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Author Topic: Pseudopod 048: The Disciple  (Read 17359 times)
Bdoomed
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« on: July 27, 2007, 03:21:24 PM »

Pseudopod 048: The Disciple


By David Barr Kirtley
Read by Matthew Wayne Selznick

Professor Carlton Brose was evil, and I adored him as only a freshman can. I spent the first miserable semester at college watching him, studying the way he would flick away a cigarette butt, or how he would arch his eyebrow when he made a point. I mimicked these small things compulsively. I don’t know why, because it wasn’t the small things that drew me to him at all. It was the big things, the stories people told as far away as dear old Carolina.

You heard the name Brose if you ran with any cults, and I ran with a few. Society rejected us, so we rejected them. The more things you give up, the less there is to bind your will. There’s power there. We were sure of it. But that power was damned elusive.



Listen to this week's Pseudopod.
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eytanz
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« Reply #1 on: July 28, 2007, 05:57:52 PM »

This was a good story. I liked the premise - of the course being a trap for the power-hungry - a lot.

I'm not entirely sure how effective it would be, though. I mean, I can see what the appeal was for the narrator, and for anyone else like him who is really attention-seeking. And once someone is in the course, I can see how they can be talked into the binding. But for someone who wants power in order to dominate others, why would they even agree to join a course where none of the students were ever heard of again? If I was going to evil wizard school, I'd want to go to the one which has the most alumni that are still talked about only in scared whispers.

But then, I would never drown a mouse, so maybe I just don't understand.
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goatkeeper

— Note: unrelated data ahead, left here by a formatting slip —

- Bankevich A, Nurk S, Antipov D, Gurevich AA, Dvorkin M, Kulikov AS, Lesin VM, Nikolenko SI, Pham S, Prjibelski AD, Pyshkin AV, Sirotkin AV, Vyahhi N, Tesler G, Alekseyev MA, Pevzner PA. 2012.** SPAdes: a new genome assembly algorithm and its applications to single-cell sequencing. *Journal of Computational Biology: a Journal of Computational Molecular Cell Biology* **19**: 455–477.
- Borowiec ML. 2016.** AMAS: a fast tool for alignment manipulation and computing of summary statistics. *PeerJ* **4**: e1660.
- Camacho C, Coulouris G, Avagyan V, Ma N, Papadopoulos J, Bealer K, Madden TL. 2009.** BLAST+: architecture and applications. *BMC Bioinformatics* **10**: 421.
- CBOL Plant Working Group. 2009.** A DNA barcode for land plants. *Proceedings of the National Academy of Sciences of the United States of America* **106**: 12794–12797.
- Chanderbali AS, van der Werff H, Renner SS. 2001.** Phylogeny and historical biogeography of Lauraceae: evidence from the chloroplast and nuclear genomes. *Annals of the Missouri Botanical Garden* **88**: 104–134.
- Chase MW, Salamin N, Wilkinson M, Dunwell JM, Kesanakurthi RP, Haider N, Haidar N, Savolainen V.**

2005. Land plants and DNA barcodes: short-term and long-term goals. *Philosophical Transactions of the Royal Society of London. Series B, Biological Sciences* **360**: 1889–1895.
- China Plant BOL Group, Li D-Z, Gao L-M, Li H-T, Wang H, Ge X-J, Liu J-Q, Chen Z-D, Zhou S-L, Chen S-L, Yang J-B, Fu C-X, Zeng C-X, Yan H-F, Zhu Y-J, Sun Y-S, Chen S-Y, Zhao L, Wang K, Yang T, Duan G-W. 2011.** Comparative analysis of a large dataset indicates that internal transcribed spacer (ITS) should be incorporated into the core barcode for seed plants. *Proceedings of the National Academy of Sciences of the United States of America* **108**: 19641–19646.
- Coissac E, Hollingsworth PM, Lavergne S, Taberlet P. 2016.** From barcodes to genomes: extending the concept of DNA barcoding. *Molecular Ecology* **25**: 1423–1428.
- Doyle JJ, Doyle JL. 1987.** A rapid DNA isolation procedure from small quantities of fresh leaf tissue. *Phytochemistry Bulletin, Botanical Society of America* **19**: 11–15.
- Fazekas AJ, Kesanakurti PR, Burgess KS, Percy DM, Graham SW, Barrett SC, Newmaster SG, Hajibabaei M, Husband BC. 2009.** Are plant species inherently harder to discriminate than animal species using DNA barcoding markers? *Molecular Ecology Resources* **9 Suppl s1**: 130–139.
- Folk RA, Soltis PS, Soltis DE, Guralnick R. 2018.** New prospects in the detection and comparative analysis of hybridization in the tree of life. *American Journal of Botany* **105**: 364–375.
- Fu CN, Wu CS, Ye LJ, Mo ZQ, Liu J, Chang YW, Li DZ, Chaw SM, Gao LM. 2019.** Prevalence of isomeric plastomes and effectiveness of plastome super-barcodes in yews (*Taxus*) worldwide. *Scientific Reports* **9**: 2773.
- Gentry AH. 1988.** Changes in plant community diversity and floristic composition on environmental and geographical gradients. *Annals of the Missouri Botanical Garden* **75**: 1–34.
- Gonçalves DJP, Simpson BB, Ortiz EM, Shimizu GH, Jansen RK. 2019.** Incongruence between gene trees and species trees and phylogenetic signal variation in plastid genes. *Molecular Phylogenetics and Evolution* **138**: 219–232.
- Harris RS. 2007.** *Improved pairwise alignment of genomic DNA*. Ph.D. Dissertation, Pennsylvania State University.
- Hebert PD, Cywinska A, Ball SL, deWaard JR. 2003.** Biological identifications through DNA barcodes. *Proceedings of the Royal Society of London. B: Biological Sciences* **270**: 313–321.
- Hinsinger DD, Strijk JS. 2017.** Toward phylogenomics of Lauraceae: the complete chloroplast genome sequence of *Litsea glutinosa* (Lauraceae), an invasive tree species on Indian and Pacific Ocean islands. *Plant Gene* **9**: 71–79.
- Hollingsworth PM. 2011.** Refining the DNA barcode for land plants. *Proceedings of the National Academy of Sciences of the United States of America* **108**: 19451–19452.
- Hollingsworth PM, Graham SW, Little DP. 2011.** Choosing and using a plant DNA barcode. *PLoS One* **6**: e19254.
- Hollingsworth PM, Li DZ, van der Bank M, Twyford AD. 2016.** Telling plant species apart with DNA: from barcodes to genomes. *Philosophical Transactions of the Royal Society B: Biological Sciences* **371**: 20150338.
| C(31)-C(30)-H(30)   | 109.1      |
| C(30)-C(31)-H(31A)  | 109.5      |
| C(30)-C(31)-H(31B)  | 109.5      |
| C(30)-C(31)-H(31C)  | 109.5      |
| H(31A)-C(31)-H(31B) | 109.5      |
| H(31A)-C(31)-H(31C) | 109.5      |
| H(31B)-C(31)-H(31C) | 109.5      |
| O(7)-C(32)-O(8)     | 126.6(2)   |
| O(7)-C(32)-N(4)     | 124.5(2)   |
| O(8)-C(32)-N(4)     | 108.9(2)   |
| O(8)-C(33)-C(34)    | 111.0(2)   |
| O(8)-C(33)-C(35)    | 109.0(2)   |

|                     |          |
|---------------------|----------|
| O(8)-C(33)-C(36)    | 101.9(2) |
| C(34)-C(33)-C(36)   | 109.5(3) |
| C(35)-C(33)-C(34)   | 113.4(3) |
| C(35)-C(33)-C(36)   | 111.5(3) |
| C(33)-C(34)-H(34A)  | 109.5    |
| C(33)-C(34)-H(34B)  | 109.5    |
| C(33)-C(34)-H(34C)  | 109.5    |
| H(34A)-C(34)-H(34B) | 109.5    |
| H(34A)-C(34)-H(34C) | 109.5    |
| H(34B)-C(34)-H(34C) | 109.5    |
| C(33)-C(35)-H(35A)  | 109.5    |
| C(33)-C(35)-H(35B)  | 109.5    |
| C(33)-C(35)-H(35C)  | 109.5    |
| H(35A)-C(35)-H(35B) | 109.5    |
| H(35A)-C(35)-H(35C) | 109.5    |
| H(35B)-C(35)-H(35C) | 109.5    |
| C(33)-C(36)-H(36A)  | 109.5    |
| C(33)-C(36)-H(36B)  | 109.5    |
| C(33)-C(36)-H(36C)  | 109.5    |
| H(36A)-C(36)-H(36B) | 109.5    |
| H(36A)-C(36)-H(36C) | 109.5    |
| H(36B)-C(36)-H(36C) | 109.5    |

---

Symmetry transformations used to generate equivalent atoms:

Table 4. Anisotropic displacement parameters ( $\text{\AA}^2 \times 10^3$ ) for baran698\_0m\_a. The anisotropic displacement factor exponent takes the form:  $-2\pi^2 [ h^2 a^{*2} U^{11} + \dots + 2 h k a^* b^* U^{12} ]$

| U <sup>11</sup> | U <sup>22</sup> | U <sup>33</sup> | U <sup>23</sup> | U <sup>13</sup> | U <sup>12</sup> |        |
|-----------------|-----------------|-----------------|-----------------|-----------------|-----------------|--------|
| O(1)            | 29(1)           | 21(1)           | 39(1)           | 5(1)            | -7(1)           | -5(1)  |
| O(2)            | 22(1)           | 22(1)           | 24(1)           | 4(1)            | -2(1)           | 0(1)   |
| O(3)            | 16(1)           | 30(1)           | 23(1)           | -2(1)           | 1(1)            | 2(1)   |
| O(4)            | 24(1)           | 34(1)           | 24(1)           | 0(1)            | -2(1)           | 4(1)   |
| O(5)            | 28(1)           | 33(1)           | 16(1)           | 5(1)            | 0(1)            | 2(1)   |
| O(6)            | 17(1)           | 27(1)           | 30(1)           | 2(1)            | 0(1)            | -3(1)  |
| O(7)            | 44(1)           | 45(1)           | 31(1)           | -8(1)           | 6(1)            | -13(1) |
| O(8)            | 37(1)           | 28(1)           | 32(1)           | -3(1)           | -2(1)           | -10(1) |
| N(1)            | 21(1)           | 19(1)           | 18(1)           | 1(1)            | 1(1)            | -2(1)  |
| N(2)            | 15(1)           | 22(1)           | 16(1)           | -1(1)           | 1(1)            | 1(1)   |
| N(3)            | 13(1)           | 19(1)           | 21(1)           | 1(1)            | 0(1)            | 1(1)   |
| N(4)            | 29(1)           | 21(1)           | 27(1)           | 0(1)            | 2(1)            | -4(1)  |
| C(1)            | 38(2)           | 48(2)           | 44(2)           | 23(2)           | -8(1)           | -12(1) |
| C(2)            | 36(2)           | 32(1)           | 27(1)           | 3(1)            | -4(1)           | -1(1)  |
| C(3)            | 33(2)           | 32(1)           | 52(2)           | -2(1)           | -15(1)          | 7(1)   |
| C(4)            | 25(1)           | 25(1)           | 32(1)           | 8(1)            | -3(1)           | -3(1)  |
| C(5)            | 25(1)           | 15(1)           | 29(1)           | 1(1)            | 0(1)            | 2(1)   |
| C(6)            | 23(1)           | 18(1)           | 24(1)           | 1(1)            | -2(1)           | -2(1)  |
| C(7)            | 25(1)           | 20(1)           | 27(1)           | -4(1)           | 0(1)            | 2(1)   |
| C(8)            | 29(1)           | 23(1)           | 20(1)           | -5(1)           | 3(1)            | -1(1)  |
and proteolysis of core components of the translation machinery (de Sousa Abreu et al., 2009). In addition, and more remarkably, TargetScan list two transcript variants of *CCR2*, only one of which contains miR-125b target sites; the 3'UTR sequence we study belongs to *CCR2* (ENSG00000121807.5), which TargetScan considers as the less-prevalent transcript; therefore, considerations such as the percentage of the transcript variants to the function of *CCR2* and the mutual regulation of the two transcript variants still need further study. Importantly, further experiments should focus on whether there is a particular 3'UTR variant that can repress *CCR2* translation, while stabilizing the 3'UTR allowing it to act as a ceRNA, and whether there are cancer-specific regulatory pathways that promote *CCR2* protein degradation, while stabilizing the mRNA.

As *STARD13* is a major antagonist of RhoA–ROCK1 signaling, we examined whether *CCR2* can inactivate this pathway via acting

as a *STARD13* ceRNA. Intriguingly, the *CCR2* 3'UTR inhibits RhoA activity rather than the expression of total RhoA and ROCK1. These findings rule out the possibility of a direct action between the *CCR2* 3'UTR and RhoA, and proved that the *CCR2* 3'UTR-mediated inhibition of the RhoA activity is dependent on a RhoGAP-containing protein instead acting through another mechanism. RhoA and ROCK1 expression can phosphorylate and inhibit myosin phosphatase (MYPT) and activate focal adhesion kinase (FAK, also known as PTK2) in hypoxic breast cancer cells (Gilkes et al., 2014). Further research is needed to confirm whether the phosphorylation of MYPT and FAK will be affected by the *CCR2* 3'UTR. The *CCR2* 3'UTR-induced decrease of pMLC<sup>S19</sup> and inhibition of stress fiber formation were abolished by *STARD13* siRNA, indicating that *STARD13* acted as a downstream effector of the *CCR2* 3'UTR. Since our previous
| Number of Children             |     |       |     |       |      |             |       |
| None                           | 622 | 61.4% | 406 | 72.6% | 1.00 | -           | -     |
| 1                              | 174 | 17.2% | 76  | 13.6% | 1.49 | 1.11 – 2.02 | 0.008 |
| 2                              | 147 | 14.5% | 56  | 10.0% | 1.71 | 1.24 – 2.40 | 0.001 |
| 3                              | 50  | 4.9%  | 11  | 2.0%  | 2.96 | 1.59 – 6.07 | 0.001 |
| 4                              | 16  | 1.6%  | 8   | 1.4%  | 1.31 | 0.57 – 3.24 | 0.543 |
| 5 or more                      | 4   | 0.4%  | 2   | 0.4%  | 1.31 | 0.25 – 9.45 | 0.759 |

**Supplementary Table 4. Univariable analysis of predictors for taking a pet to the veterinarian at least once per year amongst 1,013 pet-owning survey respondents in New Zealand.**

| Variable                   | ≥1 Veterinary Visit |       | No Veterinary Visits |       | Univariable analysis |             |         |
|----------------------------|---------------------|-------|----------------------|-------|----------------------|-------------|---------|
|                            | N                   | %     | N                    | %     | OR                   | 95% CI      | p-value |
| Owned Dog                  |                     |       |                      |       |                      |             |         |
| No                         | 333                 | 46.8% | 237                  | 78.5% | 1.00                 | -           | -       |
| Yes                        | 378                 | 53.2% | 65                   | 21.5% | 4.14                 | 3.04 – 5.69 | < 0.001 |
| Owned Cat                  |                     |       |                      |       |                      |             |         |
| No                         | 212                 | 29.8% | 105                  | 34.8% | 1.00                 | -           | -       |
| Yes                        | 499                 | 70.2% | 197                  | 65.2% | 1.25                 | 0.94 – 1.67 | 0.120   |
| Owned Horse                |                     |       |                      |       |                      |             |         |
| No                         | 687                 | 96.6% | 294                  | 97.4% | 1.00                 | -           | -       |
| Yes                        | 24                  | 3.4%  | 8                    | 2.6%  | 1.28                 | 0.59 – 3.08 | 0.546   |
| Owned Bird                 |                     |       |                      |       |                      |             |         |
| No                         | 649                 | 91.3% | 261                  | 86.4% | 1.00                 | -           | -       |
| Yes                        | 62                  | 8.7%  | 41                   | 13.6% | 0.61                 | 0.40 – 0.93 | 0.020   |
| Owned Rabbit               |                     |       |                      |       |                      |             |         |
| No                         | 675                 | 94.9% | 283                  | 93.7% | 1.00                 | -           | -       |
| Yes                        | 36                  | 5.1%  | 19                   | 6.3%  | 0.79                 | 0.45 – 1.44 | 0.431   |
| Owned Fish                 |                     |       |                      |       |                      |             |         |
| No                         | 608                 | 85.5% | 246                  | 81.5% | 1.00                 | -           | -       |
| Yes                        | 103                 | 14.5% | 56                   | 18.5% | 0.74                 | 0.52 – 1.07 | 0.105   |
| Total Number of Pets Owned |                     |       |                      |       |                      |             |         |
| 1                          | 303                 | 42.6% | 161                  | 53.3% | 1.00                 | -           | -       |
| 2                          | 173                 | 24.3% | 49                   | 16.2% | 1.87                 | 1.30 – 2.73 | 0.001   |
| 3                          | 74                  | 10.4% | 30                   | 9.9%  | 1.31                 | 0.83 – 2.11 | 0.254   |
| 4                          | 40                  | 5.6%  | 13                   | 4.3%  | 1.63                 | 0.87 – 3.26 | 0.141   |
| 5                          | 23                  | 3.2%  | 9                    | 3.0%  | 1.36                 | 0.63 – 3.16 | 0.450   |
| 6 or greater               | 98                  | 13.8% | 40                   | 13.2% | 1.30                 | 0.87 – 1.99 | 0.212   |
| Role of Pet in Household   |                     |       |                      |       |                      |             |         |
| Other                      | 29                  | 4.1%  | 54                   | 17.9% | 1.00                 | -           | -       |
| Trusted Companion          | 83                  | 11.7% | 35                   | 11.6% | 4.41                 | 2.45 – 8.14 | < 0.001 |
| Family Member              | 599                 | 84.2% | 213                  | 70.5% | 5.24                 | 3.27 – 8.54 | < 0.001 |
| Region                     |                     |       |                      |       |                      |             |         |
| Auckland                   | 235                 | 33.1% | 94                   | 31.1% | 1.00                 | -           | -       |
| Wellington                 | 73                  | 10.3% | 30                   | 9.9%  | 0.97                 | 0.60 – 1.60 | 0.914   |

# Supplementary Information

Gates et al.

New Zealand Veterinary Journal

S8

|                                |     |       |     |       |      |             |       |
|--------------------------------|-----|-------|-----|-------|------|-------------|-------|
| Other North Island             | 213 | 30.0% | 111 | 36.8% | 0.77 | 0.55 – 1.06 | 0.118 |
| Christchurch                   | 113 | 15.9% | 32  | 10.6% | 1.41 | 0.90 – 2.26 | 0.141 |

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« Reply #2 on: July 28, 2007, 11:13:46 PM »

Generally, in the cthulhu mythos stories I've read, you arn't really supposed to know exactly what happens to the people in the cult when they vanish or apotheosize or whatever- just like you arn't supposed to really be able to wrap your head around the hugeness of the massive evil involved. 
I thought the story was very effective in the Lovecraftian sense until he said the students were dying...and I was like, "what?  we don't know that for sure!"
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oddpod
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« Reply #3 on: July 29, 2007, 03:46:17 AM »

tiz a  potter/lovecraft mashup!
i like it

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eytanz
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« Reply #4 on: July 29, 2007, 05:13:01 AM »


I thought the story was very effective in the Lovecraftian sense until he said the students were dying...and I was like, "what?  we don't know that for sure!"

True, but I'm not sure we need to accept him at face value here - this is not a guy with particularly great insight, he's just a guy with better-than-average self-preservation instincts for a cult member. He might be jumping to conclusions here.
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Grape Old One
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« Reply #5 on: July 29, 2007, 05:29:16 PM »

I liked that in New England, evil cultists are just something that needs to be kept in check.  I love modern takes on the mythos, this and Akropolis are two of my favorites on pseudopod. 
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goatkeeper
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« Reply #6 on: July 29, 2007, 06:39:46 PM »

I liked that in New England, evil cultists are just something that needs to be kept in check.  I love modern takes on the mythos, this and Akropolis are two of my favorites on pseudopod. 

Haha ya, I liked that too.
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Leon Kensington
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« Reply #7 on: July 30, 2007, 09:58:39 AM »

That was the greatest PP yet.  Lovecraftian and twisted.  Perfect.
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Listener
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« Reply #8 on: July 31, 2007, 07:57:05 AM »

I didn't really care for this story.  Technically I found it sound, and the acting was good, but I have some picks about the story.

First of all, I didn't feel like I got a good enough window into the main character to establish why I should care about him.  So he knows about cults and idolizes this Brose guy.  So what?  What makes him special enough for me to care about his existence?  Toward the end he redeemed himself, and I liked how he became Brose's replacement, but I never really felt strongly enough about him as a character.

Secondly, while I know cruelty to animals is an easy way to establish someone as being evil, I don't really like reading it, not on a personal level.  It just turns me off.  Some people hate certain words, some people won't read a story if it deals with certain topics.  If I had known there would be a crucified cat, I might not have listened to the story at all.